Face Mask Type Affects Audiovisual Speech Intelligibility and Subjective Listening Effort in Young and Older Adults

Cognitive Research: Principals & Implications

Identifying speech requires that listeners make rapid use of fine-grained acoustic cues—a process that is facilitated by being able to see the talker’s face. Face masks present a challenge to this process because they can both alter acoustic information and conceal the talker’s mouth. Here, we investigated the degree to which different types of face masks and noise levels affect speech intelligibility and subjective listening effort for young (N = 180) and older (N = 180) adult listeners. We found that in quiet, mask type had little influence on speech intelligibility relative to speech produced without a mask for both young and older adults. However, with the addition of moderate (− 5 dB SNR) and high (− 9 dB SNR) levels of background noise, intelligibility dropped substantially for all types of face masks in both age groups. Across noise levels, transparent face masks and cloth face masks with filters impaired performance the most, and surgical face masks had the smallest influence on intelligibility. Participants also rated speech produced with a face mask as more effortful than unmasked speech, particularly in background noise. Although young and older adults were similarly affected by face masks and noise in terms of intelligibility and subjective listening effort, older adults showed poorer intelligibility overall and rated the speech as more effortful to process relative to young adults. This research will help individuals make more informed decisions about which types of masks to wear in various communicative settings.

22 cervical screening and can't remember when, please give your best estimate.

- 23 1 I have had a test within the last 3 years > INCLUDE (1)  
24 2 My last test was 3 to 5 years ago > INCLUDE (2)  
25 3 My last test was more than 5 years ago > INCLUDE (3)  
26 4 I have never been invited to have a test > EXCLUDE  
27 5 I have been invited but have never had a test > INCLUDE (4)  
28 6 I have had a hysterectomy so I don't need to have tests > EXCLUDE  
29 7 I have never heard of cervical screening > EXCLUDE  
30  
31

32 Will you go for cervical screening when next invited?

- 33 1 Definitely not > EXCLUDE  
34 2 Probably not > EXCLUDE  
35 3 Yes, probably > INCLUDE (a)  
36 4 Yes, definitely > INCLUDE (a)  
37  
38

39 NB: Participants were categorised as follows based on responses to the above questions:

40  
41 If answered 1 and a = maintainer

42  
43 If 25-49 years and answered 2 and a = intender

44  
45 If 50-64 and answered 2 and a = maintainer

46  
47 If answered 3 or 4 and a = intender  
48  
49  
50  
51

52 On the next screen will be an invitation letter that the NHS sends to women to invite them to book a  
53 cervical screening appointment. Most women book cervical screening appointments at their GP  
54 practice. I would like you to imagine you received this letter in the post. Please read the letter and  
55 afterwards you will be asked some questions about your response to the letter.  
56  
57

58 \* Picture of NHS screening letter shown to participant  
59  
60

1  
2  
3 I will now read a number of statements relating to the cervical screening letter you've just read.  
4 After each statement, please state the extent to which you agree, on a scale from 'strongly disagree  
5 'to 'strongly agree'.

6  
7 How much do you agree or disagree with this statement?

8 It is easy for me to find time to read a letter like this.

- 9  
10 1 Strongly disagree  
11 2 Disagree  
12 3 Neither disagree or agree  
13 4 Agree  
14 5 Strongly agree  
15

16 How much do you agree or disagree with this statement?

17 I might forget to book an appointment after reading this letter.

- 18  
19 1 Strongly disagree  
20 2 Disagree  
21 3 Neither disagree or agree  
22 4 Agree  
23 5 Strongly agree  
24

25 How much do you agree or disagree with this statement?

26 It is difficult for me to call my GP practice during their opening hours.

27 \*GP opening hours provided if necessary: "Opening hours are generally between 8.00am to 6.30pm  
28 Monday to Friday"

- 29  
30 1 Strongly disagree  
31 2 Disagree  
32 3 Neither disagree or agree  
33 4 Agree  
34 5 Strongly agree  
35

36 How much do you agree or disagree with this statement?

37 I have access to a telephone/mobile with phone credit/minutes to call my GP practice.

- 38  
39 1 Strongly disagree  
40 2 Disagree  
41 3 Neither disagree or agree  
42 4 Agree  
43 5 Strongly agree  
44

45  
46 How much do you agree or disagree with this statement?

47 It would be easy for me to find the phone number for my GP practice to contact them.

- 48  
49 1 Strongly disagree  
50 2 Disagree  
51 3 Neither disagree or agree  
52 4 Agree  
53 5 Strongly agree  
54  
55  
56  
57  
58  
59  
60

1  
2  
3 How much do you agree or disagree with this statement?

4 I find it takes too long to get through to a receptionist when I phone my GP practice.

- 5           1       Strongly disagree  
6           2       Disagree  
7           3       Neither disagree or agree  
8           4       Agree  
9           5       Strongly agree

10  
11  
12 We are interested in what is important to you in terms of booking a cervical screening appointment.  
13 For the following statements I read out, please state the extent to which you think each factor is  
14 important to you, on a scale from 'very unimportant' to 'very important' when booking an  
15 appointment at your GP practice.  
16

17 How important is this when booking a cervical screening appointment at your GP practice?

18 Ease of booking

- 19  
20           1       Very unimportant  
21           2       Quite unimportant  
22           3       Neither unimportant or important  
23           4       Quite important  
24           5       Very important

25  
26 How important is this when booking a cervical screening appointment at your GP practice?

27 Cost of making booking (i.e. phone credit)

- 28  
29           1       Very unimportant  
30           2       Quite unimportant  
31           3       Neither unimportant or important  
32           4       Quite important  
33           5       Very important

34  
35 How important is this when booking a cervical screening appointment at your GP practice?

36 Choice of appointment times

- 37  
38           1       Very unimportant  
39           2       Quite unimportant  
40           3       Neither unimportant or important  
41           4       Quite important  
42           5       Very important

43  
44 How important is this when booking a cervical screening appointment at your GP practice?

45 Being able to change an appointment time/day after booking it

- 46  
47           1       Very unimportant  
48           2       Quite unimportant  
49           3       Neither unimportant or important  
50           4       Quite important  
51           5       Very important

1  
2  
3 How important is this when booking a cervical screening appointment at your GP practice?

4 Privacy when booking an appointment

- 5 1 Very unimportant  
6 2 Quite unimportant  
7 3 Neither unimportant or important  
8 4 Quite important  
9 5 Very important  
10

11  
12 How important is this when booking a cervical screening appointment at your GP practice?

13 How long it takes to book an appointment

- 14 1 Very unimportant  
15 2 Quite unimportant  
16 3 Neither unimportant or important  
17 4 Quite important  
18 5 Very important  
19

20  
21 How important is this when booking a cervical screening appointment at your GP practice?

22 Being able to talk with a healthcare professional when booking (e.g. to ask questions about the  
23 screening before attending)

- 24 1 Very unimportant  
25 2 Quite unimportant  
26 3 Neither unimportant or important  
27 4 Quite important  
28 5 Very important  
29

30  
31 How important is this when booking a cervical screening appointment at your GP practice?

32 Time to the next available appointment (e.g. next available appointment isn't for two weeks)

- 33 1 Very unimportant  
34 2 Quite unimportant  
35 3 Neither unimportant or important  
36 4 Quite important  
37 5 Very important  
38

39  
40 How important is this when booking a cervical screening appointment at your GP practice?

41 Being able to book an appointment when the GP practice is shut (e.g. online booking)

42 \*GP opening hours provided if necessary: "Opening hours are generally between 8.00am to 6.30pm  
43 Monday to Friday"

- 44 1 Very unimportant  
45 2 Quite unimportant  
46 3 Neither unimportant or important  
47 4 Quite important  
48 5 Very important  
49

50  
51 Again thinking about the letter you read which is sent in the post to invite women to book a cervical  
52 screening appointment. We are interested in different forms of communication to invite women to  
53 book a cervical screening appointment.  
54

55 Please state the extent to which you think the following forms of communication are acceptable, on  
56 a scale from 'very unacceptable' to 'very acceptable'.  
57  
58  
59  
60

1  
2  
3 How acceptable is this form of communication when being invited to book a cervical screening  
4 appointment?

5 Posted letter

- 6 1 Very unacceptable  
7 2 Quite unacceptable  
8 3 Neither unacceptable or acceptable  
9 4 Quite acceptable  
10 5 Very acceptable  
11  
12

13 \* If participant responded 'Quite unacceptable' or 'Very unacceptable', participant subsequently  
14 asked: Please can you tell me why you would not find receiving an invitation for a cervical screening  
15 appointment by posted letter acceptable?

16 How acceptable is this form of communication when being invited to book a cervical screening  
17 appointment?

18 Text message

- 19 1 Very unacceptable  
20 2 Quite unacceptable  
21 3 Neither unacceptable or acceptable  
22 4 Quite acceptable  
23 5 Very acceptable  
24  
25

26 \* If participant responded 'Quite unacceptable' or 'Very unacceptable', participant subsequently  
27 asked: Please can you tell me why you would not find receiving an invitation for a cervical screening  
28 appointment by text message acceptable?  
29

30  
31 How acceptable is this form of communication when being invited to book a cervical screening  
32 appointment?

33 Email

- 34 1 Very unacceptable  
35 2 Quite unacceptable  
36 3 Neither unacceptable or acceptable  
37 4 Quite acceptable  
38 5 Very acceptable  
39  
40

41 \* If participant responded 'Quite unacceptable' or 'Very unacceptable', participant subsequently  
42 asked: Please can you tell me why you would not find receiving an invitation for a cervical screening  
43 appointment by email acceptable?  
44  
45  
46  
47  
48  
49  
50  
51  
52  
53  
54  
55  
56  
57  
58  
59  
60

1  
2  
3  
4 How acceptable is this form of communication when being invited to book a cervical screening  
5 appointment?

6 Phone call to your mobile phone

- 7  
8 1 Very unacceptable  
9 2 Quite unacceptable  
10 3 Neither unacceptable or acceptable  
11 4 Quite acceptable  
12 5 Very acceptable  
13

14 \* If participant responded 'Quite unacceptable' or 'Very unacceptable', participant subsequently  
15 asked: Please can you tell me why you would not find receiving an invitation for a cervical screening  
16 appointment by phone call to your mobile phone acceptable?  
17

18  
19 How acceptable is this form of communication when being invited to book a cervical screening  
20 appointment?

Posted on:
July 18, 2021
2 minute read, 242 words
face masks Bayesian statistics aging subjective listening effort online research speech perception
See Also:
The Effects of Temporal Cues, Point-Light Displays, and Faces on Speech Identification and Listening Effort
Spread the Word: Enhancing Replicability of Speech Research Through Stimulus Sharing
Spread the Word: Enhancing Replicability of Speech Research Through Stimulus Sharing